This re-posts what was on the Franklin Library page

Tuesday, October 1, 2013

Franklin Election - 2013

The collection of posts covering the Franklin local election to be held on Nov 5, 2013

Precinct totals

Election results

Voices of Franklin: Powderly - Appoint the Treasurer/Collector

Conversation with Judy Pfeffer

Conversation with Andy Bissanti

Conversation with Brett Feldman

Milford Daily News - Candidate Profiles

Candidate Forum - cable replay schedule

Candidates Forum held on Oct 23, 2013

What one question would you ask the candidates?

Election line up set

Milford Daily News status update

Offer to candidates for election

Treasurer/Collector ballot question text

Election timeline

Letter to FoFL members

Dear Friends of Franklin Library members, 
The Friends of Franklin Library (FoFL) was extremely disappointed to receive the attached letter from Library Board of Directors (BofD) chair Cynthia Dobrzynski notifying us that her group had abruptly cancelled the FoFL’s planned October book sale. These semi-annual sales of donated books have produced significant funds that have been used to help our library expand its collections, purchase museum passes, offer programs to the community, enhance library services, and even buy furniture. 
The FoFL board had decided to delay notification to members pending a request that the BofD reconsider its decision. That appeal was made at the board’s September 23 meeting, but was rejected without a discussion or vote. The BofD stated that its decision was based upon the results of last winter’s survey which “clearly set the direction” and was not subject to change.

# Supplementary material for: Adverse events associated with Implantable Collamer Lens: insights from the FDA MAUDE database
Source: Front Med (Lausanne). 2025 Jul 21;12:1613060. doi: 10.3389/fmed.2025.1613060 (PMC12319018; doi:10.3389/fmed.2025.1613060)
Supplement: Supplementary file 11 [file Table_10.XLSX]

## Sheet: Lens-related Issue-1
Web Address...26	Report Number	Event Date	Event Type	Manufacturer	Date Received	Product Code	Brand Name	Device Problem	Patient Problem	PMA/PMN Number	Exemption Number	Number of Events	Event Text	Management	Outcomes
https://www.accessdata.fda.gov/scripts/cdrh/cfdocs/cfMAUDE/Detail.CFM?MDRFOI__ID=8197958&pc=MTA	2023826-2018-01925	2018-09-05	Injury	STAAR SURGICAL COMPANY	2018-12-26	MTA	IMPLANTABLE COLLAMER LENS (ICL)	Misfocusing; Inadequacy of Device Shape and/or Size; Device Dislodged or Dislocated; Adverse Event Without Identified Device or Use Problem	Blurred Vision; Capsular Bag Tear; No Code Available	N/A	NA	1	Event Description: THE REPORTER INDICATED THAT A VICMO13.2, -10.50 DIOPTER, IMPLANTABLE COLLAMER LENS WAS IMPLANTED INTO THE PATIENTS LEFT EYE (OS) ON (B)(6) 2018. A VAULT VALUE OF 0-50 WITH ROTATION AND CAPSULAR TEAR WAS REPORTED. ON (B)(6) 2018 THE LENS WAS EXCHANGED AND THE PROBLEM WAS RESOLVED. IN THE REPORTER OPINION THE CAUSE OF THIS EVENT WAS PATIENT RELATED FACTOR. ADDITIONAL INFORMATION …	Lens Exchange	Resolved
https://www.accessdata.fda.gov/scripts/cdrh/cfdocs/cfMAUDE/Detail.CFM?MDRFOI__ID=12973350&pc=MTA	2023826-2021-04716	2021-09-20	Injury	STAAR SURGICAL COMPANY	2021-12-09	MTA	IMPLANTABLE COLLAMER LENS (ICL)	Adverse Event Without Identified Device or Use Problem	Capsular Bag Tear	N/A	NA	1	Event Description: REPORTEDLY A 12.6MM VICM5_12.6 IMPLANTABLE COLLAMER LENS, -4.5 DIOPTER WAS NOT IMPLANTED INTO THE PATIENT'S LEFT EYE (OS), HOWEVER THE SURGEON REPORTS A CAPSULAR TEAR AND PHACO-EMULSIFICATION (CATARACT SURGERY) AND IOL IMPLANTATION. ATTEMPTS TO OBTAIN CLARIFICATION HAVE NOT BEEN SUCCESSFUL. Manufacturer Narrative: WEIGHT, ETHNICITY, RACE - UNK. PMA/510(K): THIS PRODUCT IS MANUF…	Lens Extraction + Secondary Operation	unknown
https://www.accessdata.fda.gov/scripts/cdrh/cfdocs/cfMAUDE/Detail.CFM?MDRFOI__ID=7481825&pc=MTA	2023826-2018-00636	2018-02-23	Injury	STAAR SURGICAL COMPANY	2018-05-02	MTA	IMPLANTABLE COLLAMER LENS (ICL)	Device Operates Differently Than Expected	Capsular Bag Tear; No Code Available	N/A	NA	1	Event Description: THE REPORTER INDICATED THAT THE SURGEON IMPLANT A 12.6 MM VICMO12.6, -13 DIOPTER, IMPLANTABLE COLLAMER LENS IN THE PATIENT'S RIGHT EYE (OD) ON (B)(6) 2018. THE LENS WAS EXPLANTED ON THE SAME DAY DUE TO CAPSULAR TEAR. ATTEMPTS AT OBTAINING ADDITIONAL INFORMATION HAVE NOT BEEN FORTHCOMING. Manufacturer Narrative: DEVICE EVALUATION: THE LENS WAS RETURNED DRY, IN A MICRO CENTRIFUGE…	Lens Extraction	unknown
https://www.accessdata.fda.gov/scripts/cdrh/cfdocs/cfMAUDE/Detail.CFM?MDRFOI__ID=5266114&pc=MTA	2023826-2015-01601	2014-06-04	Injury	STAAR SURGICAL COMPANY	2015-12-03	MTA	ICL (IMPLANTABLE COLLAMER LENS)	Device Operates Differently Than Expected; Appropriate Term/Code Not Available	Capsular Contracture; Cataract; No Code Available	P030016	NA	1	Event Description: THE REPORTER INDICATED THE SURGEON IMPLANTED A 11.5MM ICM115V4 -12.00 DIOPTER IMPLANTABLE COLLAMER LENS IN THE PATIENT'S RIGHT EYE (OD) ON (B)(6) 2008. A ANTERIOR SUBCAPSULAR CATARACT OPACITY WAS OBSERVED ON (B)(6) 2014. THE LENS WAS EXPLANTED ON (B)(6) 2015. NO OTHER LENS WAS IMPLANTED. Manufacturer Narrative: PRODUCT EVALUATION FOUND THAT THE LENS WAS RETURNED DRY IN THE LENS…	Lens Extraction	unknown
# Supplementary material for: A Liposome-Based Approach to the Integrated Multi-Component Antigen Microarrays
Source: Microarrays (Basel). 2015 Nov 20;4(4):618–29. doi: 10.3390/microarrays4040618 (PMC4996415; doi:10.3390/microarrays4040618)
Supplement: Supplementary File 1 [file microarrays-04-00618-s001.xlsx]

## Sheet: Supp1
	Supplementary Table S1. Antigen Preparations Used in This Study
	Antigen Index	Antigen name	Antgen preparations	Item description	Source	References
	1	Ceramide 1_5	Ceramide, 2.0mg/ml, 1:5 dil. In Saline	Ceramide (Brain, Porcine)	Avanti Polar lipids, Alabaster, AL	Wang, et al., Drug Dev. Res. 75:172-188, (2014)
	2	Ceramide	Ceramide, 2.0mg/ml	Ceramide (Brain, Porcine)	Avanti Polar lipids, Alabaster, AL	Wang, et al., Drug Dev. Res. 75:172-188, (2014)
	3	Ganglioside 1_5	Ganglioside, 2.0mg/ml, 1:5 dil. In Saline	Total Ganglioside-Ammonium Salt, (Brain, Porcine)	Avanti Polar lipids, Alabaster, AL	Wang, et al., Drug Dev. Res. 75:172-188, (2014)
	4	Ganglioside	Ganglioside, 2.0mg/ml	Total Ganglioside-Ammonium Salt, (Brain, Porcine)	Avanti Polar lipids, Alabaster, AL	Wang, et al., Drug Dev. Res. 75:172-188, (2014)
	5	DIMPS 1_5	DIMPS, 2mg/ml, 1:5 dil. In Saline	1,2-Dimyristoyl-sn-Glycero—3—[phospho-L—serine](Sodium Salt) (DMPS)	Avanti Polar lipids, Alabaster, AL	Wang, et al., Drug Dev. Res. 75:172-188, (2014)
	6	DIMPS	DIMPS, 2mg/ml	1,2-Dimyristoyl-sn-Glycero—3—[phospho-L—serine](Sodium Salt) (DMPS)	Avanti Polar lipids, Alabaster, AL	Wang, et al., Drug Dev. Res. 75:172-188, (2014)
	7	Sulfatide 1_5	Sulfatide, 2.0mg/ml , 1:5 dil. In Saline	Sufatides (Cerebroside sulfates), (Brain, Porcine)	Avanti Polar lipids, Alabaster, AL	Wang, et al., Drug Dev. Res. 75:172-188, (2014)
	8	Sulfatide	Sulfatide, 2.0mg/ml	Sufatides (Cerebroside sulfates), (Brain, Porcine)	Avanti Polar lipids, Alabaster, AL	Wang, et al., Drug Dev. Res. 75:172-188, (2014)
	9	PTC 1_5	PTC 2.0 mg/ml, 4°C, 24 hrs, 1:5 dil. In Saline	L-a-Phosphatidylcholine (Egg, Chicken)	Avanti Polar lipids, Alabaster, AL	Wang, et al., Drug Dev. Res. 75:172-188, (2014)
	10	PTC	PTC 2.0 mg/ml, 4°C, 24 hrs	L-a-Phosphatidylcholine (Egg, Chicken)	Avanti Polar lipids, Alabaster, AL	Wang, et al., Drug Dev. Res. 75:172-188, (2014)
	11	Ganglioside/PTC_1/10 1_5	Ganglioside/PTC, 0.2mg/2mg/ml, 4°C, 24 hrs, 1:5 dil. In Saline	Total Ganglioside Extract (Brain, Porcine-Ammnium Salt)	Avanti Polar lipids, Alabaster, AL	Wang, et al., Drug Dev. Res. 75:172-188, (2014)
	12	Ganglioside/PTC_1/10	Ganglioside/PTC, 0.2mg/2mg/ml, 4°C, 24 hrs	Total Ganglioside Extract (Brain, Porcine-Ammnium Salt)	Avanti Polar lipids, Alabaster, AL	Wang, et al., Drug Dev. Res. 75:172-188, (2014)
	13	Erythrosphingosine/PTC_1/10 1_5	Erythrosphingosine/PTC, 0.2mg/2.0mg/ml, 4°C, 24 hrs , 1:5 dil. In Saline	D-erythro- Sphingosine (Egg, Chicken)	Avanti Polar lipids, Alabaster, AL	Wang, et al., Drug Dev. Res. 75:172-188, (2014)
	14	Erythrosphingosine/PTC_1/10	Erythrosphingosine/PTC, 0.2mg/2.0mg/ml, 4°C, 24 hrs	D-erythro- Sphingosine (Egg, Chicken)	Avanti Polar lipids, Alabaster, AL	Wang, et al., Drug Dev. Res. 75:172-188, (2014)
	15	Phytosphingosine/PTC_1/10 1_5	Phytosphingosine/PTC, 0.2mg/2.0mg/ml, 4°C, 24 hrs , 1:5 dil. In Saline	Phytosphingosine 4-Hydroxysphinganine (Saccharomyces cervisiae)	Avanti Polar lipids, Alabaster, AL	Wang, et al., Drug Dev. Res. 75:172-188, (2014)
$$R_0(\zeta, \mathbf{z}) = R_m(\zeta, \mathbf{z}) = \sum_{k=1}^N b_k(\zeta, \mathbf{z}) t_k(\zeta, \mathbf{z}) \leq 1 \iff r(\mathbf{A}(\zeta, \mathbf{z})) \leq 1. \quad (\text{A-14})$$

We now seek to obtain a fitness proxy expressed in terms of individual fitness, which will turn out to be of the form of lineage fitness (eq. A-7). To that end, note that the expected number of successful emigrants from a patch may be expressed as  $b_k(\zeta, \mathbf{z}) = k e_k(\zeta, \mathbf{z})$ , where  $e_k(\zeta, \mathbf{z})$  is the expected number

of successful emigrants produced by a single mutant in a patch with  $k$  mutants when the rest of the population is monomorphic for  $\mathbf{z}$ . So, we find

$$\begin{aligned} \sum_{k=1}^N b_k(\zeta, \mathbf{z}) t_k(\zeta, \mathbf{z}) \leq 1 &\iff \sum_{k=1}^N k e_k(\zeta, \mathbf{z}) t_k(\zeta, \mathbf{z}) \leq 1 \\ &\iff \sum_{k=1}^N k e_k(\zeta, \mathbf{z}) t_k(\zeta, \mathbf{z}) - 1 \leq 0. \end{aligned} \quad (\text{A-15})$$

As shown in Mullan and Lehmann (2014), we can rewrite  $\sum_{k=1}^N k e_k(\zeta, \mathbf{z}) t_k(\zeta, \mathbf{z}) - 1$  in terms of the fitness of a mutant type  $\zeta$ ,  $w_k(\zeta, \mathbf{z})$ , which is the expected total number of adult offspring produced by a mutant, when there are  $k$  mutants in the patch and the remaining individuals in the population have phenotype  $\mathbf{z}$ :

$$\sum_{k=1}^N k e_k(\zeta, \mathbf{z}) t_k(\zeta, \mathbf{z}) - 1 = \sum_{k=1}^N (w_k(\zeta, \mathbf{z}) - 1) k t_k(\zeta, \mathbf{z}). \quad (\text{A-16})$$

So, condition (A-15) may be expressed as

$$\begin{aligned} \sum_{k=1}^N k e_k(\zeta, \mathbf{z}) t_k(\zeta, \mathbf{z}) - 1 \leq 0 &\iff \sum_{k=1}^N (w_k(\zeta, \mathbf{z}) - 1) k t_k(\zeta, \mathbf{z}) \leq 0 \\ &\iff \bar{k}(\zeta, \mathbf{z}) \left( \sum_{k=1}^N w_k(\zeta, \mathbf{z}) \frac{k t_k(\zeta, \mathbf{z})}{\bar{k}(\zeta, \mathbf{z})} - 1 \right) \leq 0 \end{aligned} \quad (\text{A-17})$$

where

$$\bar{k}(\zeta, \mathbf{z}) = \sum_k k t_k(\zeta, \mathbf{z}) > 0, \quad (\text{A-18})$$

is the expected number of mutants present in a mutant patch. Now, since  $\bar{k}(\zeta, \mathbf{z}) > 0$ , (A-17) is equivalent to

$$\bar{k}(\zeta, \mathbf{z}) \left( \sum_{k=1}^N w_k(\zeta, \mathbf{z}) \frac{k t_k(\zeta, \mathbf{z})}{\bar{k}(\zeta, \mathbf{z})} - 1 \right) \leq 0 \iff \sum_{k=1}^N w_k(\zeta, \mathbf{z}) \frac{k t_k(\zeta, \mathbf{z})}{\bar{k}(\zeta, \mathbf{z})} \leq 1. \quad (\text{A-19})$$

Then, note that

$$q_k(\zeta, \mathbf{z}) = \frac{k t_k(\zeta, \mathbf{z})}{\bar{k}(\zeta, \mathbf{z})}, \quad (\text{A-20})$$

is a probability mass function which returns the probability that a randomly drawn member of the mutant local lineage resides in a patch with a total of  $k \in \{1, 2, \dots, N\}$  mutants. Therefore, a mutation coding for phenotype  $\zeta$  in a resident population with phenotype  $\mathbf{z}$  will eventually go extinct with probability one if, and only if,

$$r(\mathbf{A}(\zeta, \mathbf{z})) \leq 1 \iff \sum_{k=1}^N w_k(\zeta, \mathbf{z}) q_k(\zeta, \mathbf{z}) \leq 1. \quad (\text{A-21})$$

We disagree with the BofD’s decision and would have welcomed – and expected - the chance to discuss it and present data in support of the popular and profitable event, but that did not happen. 
We are proud of the contributions made by the Friends over the years. Money raised by our members and supportive residents has been able to supplement town allocations, funding programs and initiatives that might otherwise not be possible. 
Since 2005, the book sales have generated a net revenue of $153,734.00, and the FoFL has given that, plus additional funds, to the library – a total of $179,235.00. So far this calendar year the FoFL has given the library $10,280.59, which was used for passes, programs, books, audiobooks, e-books, supplies and a new fixture for the Children’s Room. 
We expected our October book sale would have shown a profit of roughly $6,000. And, as with all of the Friends’ efforts, this would have been achieved without any cost to the library or town.